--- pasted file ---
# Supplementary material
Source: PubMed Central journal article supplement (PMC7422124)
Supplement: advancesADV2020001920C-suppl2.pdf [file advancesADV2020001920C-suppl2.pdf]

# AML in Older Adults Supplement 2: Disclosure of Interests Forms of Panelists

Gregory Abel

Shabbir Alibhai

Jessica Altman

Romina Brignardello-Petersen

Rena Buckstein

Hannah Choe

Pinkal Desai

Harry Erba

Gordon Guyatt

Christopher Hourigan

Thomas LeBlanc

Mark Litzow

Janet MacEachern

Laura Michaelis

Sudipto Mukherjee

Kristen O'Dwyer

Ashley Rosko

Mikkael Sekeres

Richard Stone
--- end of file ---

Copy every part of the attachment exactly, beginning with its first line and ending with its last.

# Supplementary material
Source: PubMed Central journal article supplement (PMC7422124)
Supplement: advancesADV2020001920C-suppl2.pdf [file advancesADV2020001920C-suppl2.pdf]

# AML in Older Adults Supplement 2: Disclosure of Interests Forms of Panelists

Gregory Abel

Shabbir Alibhai

Jessica Altman

Romina Brignardello-Petersen

Rena Buckstein

Hannah Choe

Pinkal Desai

Harry Erba

Gordon Guyatt

Christopher Hourigan

Thomas LeBlanc

Mark Litzow

Janet MacEachern

Laura Michaelis

Sudipto Mukherjee

Kristen O'Dwyer

Ashley Rosko

Mikkael Sekeres

Richard Stone